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Now in its 20th year, Dalhousie University’s campus/community station is still fighting the good radio fight.

This year CKDU turns 20. Two decades of FM broadcasting after a start on closed-circuit radio hooked up to Dalhousie University residences.

Like most campus/community stations across Canada, CKDU lasts because of volunteers. Each September, with the flood of new students on campus, people keep making the climb to the fourth floor of Dalhousie University’s SUB with dreams of having their own show and connecting with the people out there—it could be 10, it could be 1,000—who share their interests. Because let’s face it: they ain’t doing it for the money. There is none in campus radio.

CKDU's Melissa Buote and Jessica WhytePhoto by Darryl James

Campus stations across the country are uniformly run-down physical spaces usually tucked away in student union buildings. The stations rely on student levies—CKDU gets $9 each year from every full-time student at Dal and free rent in the SUB—and, in many cases, experience precarious relationships with student unions. (Melissa Buote, CKDU’s program director, used to work at UPEI’s station, which no longer exists because the student union there yanked the funding in a dispute with the station.)

CKDU operates on an annual budget of less than $200,000. The bulk of that money goes to keeping digital equipment current and maintained. The station is not raking in advertising revenue like commercial FM stations and they don’t have government funding like the CBC. The station’s mandate, in its license from the Canadian Radio-television and Telecommunications Commission, is to run as a non-profit, diverse and accessible alternative—musically and politically—to commercial radio and the CBC.

Besides the student levy, the other big chunk of revenue comes from fundraising. CKDU holds an annual on-air funding drive. This year it’s happening in October, when the station hopes to match the $35,000 pledged and $30,000 collected in last year’s campaign. The station is currently seeking to hire a fundraising drive coordinator for $9.64 an hour. That’s all it can afford for the job.

Besides the three full-time staff and two part-timers making about the same as the fundraising coordinator, CKDU runs on volunteer fuel. On a visit to the station, the point about volunteerism is made—almost as if staged—by the movie reviewer who’s preparing a segment for the News Collective show and the two young teenaged girls who show up with their mother to find out how they can volunteer.

“This is a much more active station in terms of volunteer involvement. Our volunteers here are much more passionate,” says Jessica Whyte, CKDU’s music director, comparing CKDU to the University of Guelph station where she once worked.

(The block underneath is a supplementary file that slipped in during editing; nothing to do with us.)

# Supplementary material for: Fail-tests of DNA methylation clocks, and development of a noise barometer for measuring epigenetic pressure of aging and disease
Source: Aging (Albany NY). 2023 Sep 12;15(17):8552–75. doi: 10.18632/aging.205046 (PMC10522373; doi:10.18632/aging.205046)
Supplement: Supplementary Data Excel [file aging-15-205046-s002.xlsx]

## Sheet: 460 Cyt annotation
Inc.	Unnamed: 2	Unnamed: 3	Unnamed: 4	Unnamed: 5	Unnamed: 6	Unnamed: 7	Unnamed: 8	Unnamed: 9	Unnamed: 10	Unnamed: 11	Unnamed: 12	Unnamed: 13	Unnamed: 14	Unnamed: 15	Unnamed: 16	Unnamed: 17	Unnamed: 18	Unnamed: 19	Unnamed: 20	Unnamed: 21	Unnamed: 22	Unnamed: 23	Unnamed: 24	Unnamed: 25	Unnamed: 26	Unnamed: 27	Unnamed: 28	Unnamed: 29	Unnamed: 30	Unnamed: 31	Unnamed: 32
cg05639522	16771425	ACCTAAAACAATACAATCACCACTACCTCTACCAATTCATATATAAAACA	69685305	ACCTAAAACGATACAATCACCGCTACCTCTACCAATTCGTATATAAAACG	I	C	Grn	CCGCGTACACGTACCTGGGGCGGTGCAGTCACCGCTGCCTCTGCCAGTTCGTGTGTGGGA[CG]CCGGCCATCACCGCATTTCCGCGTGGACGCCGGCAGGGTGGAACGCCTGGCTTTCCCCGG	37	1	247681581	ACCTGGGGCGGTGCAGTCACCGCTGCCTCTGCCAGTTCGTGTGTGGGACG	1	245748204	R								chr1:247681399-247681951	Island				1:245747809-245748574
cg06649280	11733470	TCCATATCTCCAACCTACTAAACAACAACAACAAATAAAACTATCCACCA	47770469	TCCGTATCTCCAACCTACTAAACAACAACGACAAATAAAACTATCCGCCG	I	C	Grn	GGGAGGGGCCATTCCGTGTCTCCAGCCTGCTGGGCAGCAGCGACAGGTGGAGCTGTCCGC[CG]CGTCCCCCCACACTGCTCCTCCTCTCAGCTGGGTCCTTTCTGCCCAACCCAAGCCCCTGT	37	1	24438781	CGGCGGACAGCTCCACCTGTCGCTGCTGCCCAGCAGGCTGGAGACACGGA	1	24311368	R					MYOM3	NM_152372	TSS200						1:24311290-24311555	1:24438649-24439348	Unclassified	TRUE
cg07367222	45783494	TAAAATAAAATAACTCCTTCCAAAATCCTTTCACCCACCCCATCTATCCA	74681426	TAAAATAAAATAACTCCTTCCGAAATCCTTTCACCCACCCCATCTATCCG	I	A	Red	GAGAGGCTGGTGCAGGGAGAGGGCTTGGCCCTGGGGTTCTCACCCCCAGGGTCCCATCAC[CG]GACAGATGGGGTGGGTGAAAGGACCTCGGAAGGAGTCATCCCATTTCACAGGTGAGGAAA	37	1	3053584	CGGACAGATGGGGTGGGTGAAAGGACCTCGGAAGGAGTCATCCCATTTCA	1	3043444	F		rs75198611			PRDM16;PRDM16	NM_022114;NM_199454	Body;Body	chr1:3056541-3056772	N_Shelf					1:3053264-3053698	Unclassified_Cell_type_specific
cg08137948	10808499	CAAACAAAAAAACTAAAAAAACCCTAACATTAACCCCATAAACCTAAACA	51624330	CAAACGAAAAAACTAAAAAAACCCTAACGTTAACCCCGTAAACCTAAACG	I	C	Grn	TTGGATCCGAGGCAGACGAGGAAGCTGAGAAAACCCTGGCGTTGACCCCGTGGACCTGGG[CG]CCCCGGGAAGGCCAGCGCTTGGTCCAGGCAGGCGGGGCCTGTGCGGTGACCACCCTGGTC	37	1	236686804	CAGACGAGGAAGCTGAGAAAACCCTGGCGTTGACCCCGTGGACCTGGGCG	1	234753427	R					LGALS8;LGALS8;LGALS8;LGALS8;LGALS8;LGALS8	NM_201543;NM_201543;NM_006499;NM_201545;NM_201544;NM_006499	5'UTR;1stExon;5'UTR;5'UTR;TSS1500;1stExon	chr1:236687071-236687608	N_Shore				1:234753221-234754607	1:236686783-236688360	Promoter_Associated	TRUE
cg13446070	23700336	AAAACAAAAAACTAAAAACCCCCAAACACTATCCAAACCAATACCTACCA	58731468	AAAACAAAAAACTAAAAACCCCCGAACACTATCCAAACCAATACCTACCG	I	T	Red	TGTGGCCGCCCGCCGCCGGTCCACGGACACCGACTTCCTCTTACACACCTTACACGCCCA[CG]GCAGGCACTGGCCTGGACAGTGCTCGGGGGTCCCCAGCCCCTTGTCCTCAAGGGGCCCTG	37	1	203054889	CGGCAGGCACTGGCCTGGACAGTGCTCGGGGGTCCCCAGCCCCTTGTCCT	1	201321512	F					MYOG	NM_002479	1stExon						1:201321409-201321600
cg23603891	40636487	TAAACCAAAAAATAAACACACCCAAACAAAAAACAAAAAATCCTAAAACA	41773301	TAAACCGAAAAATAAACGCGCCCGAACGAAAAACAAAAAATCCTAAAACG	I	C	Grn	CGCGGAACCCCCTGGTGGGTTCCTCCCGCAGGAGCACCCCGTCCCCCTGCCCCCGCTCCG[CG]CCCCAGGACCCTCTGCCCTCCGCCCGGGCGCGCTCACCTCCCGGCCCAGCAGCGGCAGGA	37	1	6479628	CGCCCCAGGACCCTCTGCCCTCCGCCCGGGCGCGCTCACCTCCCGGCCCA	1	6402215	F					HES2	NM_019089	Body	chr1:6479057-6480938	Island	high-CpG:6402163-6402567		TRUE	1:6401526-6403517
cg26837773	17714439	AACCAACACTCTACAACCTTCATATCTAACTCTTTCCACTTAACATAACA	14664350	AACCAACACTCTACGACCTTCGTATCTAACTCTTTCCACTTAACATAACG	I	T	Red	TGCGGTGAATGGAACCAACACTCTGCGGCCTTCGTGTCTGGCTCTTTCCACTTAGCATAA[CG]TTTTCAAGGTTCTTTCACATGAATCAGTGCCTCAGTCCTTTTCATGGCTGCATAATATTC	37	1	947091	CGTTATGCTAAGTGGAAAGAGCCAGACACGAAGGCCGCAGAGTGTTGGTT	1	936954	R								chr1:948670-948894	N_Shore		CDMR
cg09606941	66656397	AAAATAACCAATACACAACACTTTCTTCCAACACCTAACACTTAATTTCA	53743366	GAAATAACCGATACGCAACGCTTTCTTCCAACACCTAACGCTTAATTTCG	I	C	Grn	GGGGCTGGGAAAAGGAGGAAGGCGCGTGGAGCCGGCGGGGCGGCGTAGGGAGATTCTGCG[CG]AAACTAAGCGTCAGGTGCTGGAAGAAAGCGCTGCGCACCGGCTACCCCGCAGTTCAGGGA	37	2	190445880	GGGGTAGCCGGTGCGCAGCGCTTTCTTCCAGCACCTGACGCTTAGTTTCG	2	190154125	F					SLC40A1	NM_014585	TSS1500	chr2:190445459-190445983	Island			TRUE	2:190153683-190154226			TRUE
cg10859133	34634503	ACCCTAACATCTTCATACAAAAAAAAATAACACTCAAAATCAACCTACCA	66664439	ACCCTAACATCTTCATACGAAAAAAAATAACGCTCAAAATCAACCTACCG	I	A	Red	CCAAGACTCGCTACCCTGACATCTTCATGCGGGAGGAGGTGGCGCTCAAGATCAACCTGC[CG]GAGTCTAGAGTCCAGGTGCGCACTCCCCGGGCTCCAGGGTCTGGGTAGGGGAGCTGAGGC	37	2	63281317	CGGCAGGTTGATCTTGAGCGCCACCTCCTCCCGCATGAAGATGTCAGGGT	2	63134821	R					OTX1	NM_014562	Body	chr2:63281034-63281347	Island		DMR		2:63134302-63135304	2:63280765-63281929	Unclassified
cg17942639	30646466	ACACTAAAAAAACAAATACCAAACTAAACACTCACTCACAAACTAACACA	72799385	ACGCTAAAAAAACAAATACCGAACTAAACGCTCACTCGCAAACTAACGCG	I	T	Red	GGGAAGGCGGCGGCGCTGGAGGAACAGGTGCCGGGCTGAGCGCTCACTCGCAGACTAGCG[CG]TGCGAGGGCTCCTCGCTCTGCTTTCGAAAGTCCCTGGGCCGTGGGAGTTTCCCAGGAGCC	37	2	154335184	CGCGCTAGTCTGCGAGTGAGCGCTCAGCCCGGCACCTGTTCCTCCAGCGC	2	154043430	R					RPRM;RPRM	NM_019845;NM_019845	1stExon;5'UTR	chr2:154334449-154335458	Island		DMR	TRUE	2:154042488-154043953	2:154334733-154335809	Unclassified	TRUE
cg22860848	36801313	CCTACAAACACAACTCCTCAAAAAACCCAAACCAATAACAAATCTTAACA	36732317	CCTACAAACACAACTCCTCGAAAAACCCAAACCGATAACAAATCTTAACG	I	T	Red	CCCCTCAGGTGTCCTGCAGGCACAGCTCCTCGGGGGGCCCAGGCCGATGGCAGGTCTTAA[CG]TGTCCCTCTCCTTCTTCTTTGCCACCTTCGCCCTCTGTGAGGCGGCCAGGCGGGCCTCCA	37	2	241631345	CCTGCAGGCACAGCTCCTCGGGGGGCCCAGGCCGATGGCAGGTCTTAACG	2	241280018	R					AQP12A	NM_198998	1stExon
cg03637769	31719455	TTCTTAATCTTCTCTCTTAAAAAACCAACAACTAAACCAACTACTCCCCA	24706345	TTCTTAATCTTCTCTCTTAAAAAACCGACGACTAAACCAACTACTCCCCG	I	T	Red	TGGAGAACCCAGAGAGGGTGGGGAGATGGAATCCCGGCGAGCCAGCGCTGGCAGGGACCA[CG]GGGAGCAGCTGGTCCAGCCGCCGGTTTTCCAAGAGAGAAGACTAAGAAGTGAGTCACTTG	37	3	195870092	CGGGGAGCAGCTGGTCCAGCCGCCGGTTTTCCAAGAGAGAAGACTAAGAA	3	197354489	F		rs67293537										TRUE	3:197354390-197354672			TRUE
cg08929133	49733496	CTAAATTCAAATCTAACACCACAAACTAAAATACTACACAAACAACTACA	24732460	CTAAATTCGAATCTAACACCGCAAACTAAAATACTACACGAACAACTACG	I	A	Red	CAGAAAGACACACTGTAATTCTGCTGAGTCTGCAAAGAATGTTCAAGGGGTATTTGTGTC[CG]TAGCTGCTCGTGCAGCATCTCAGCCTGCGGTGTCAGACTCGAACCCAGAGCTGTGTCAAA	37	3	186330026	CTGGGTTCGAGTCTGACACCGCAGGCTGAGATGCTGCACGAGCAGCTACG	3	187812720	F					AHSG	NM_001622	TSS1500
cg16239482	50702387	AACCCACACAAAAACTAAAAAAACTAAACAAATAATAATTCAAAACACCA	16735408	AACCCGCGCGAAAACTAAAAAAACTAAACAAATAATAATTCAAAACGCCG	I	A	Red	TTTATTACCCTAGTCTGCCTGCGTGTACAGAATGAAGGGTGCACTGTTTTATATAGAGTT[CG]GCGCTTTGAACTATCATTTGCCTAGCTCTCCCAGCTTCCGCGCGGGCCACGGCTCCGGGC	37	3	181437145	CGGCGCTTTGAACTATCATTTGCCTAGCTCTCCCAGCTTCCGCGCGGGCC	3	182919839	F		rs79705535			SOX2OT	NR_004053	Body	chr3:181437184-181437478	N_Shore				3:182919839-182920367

According to Whyte and Buote, CKDU has up to 250 volunteers working on all aspects of the station’s operations, from data entry to filing, from producing and voicing public service announcements and ads (using software like Audacity in the mostly computer-based production studio) to putting together segments and whole shows.

Campus stations like CKDU aren’t radio free-for-alls in the sense that any person who wants an on-air gig shows up, asks and gets it. The 75 music, talk and mixed format (music and current affairs) shows now on air have been ushered through a careful evaluation process.

Before a volunteer even sits down in front of a microphone, he or she has to first put in time doing all-important behind-the-scenes grunt work, five hours’ worth. Much of this time is devoted to working with Whyte on the ins-and-outs of the music library, stickering, filing and entering titles into the database.

Following that, if a volunteer sticks around and still wants a show, he or she then puts together a proposal on paper to present to a program committee. If that passes muster, then the person has to do two auditions: first a general one to see if the person can carry a show; the second allows the volunteer to create an edition of his or her show in the station’s production studio—that is, not to air on the 30-watt station. The tape is then evaluated by the program committee and a slot is found.

There are no guarantees of getting on-air.

“We just want to make sure to do quality programming,” Buote says.

That may sound trite to say, but it’s worth saying because there is, arguably, a myth out there—poll your friends, family and co-workers—about campus radio: that because of their non-profit status, stations like CKDU aren’t professional. They’re amateurish, a bunch of students goofing off.